Citation: FW FOONG, A.; SATO, K. A Case Study on Functional Food Intake in a Diabetic Patient: No Such Thing as a Magic Bullet Part-II JAS4QoL 2021, 7(1) 2 online at: https://as4qol.org/QLRiK
Categories: Volumes, > Volume 7, Journal Articles, > Full Papers
Tags: Full Paper, complementary product, FOONG; Anthony FW, glycemic index, metabolic indexes, physical symptoms, SATO; Erina, single-product
A Case Study on Functional Food Intake in a Diabetic Patient: No Such Thing as a Magic Bullet Part-II
FOONG; Anthony FW1 SATO; Erina2
R&D Department, Imex Japan Co Ltd, 22-8 Shimomidori-cho, Shinchiku, Kita-ku, Kyoto 603-8425, Japan (firstname.lastname@example.org)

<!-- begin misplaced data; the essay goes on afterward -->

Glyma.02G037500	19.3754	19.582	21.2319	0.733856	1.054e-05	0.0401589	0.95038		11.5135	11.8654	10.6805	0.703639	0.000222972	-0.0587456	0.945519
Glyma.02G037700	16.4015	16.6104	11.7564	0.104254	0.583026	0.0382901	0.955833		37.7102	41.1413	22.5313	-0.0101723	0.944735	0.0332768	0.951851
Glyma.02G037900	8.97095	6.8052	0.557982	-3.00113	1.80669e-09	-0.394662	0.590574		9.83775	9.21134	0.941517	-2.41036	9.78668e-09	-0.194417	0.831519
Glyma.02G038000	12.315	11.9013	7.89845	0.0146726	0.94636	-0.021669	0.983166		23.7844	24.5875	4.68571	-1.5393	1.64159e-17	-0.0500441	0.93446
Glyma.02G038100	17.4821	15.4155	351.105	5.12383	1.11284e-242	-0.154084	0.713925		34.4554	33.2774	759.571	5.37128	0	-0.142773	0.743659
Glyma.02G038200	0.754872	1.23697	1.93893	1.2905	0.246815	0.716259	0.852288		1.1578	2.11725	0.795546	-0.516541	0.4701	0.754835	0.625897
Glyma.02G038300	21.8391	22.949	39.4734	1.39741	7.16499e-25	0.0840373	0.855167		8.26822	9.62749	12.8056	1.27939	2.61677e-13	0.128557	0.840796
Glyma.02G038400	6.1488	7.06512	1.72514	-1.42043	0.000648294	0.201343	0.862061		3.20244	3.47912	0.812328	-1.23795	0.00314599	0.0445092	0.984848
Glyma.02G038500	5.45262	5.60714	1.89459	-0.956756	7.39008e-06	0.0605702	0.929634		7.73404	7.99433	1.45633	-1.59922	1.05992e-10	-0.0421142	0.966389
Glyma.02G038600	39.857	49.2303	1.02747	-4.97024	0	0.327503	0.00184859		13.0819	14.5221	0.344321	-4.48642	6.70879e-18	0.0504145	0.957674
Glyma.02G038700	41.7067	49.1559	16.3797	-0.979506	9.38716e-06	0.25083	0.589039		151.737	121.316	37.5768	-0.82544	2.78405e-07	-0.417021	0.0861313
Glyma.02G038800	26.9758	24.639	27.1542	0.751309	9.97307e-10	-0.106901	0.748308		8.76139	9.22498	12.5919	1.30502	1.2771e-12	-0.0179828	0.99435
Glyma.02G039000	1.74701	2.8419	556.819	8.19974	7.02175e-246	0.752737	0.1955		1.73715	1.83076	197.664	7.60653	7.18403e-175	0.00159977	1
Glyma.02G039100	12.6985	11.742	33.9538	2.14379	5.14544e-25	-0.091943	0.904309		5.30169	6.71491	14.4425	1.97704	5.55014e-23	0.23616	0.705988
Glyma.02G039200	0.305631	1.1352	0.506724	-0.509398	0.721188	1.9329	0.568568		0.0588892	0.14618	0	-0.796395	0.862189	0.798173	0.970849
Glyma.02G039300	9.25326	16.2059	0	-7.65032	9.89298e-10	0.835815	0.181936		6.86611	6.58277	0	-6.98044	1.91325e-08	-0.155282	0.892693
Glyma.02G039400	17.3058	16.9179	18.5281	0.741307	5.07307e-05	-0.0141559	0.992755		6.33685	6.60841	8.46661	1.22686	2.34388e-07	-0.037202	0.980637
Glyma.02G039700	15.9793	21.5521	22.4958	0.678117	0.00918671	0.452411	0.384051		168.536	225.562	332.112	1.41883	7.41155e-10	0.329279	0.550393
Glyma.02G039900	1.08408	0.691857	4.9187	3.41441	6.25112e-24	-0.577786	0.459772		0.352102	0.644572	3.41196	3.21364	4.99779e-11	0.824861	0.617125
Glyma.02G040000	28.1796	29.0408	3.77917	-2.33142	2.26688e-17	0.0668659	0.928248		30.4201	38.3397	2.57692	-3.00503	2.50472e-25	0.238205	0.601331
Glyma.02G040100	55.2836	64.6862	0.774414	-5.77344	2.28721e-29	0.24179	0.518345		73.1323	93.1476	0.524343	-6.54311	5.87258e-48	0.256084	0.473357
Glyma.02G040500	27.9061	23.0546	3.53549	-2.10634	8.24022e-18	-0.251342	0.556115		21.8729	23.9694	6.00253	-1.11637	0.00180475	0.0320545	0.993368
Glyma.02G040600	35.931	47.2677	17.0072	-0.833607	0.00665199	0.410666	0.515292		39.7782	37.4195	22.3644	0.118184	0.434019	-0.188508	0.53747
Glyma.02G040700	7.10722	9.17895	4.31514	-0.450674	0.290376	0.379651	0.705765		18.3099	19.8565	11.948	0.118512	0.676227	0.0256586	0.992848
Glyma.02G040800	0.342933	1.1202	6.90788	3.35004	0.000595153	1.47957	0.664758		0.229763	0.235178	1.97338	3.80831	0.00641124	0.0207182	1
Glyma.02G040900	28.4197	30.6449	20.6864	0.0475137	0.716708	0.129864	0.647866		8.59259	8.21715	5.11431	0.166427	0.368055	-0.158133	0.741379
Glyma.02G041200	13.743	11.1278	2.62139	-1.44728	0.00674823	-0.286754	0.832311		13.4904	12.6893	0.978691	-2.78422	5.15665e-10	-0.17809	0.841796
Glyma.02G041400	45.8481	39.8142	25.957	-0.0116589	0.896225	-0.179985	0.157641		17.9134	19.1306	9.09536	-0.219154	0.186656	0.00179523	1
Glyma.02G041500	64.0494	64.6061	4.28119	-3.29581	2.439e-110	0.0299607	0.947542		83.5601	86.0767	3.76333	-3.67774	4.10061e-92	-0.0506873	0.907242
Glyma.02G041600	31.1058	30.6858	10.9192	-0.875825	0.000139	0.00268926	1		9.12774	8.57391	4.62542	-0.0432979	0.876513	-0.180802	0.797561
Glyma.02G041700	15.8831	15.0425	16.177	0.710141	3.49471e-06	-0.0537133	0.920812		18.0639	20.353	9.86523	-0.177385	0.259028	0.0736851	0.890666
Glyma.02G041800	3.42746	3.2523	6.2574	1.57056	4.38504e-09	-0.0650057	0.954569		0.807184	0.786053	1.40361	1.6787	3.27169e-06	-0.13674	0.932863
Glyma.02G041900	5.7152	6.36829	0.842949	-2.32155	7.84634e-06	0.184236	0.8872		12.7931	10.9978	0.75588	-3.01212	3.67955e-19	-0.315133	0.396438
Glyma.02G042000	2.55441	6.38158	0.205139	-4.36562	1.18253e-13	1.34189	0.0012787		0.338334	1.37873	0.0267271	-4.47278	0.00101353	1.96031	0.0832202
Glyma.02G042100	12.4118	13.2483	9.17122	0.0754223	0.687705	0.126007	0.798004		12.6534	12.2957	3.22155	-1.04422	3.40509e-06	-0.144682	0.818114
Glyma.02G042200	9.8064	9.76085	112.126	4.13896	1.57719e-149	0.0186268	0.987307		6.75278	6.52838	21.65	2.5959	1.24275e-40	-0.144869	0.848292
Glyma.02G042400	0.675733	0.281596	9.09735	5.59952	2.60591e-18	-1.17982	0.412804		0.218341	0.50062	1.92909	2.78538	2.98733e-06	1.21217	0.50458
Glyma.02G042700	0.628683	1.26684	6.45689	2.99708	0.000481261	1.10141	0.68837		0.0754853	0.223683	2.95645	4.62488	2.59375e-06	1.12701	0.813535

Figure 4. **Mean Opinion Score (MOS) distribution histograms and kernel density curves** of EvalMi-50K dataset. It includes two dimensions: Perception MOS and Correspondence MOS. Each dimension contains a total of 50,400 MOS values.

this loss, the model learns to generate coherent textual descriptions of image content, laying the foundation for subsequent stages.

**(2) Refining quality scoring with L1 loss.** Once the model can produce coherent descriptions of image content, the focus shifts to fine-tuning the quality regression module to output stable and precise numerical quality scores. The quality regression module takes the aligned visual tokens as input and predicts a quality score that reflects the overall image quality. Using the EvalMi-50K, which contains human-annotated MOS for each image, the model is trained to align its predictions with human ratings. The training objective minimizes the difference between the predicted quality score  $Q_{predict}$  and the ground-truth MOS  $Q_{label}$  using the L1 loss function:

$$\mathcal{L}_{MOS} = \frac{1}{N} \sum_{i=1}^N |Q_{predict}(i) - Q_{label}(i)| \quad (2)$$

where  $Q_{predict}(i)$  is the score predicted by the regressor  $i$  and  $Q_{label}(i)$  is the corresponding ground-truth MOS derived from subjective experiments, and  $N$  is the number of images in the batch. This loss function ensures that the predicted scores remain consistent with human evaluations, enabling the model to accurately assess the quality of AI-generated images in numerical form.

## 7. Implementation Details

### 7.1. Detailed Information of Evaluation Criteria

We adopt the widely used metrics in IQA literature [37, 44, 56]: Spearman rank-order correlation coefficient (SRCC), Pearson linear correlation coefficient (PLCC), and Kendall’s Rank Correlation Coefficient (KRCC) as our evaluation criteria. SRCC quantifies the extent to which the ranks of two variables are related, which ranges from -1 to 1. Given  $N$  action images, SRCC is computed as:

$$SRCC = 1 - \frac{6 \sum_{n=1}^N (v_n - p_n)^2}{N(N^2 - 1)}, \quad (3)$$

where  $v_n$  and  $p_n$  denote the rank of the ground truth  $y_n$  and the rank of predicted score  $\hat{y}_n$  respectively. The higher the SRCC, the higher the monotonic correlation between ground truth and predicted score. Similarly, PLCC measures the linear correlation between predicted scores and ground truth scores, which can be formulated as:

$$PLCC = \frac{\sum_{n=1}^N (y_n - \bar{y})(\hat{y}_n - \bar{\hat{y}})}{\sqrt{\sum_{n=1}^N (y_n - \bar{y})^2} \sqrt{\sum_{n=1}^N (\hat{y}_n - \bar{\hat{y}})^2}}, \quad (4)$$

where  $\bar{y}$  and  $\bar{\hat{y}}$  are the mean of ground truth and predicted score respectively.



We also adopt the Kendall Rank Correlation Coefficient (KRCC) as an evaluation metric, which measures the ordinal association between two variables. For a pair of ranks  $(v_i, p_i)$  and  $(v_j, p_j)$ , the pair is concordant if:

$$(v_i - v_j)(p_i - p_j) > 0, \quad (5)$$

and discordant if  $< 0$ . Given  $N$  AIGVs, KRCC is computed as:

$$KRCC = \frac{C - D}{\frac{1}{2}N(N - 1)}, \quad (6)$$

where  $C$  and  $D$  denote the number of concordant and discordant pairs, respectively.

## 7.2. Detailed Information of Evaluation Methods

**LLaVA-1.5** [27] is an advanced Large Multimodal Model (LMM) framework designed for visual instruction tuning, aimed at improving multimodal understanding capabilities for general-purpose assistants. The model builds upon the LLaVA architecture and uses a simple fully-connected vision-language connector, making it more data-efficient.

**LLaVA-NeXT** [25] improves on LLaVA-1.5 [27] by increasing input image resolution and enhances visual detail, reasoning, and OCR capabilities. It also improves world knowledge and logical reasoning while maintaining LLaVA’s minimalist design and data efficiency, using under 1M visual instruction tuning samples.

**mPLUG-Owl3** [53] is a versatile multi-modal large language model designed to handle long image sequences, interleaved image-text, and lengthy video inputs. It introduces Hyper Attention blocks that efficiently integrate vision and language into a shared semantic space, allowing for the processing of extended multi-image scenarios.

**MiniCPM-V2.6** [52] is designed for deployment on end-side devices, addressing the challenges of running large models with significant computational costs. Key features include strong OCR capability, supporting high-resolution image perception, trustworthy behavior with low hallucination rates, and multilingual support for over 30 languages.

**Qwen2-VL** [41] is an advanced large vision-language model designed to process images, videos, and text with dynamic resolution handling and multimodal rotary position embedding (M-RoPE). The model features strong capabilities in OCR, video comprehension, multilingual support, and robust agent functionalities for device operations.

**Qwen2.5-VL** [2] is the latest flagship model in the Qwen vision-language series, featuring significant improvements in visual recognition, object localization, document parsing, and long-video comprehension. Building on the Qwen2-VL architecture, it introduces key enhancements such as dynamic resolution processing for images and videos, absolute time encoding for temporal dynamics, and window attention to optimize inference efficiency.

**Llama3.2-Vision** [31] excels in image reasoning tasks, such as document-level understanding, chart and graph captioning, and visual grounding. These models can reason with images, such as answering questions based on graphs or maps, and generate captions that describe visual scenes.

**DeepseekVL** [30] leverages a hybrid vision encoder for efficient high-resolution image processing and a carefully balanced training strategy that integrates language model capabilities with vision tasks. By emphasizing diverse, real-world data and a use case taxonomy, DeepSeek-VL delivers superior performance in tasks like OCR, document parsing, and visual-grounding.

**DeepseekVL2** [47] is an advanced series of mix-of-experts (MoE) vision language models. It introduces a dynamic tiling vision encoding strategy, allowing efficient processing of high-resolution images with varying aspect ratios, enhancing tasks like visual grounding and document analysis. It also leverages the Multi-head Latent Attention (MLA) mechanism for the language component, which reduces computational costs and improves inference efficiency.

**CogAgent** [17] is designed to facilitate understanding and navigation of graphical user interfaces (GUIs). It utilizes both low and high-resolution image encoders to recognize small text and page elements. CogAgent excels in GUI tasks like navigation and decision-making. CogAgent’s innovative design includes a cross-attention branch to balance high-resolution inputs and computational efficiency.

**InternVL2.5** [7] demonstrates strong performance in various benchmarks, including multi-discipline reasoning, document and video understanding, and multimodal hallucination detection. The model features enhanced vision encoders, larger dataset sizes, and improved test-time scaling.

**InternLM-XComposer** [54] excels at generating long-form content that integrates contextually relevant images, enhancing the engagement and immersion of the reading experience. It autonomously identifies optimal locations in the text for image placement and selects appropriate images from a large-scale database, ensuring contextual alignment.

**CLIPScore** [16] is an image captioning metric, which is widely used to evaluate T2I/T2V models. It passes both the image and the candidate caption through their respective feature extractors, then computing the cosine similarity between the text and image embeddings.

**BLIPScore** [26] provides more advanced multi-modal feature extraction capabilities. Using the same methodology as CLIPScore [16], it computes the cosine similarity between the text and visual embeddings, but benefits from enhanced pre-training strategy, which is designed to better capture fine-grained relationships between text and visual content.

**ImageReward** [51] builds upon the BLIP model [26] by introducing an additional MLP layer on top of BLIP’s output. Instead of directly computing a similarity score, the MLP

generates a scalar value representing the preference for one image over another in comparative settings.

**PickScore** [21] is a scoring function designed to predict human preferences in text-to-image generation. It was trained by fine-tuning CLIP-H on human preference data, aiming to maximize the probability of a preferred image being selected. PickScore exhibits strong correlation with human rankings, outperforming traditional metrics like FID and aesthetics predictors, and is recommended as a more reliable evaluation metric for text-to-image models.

BACKGROUND: Useful ingredients in functional foods A and B previously improved certain physical symptoms (PSs) deficits due to ageing; however, blood sugar levels (monitored as glycemated hemoglobin or HbA1C) of a type-2 diabetic were unsatisfactory. We investigated the probable factors by focusing on the supply source, types and concentrates of sugar-regulating substances in ingredient mulberry leaf extract (MLE) as the extract was previously not well-defined. The revised functional food C (replaced previously known B), where all ingredients remained the same in quantity and supply sources, except MLE where the useful ingredient 1.2% 1-deoxynojirimycin (DNJ) was defined and obtained from a new supplier Z. METHODS: Volunteer patient P, who led a sedentary lifestyle, had continued intake of functional food A and complemented A with C after 2 control readings had been taken. Controls and blood analytical data were respectively monitored before and after combined A+C intake at 3-month (3-mo) intervals. Blood pressure (BP), body mass index (BMI), and other metabolic indexes were taken before (A alone) and after combined A+C intake. P led his usual normal life without dietary restrictions. PSs were also monitored before and after combined A+C intake. RESULTS: Blood pressure (BP) was normal, with slight improvement in BMI values. Total cholesterol (T-Cho), triglycerides (TG) levels varied in a similar pattern, which eventually registered normal after 9-mo combined A+C intake. HbA1c levels scored impressive improvements in a time-dependent manner: i.e. decreasing from 8.0 and 9 (controls) to 7.5, 6.9, and 6.8 at 3-, 6- and 9-mo combined A+C intakes, respectively. Improved PSs were well maintained. DISCUSSION: The BMI improved from overweight to normal status. Rebounds in T-Cho (3-, 6-mo) and TG (6-mo) levels were probably associated with high-calorie sweets taken in August. The most impressive finding in this study is the marked improvement in HbA1c findings. Replacement of MLE from a new source Z with defined 1-deoxynojirimycin (DNJ) concentrate made all the difference: the alpha-glucosidases-inhibiting DNJ, fagomine, and other active sugar-regulating components in MLE may have lowered blood sugar levels, thus improving HbA1c values. Functional foods comprising effective ingredients would most likely elicit useful effects, if the active ingredient with a defined concentrate was used.
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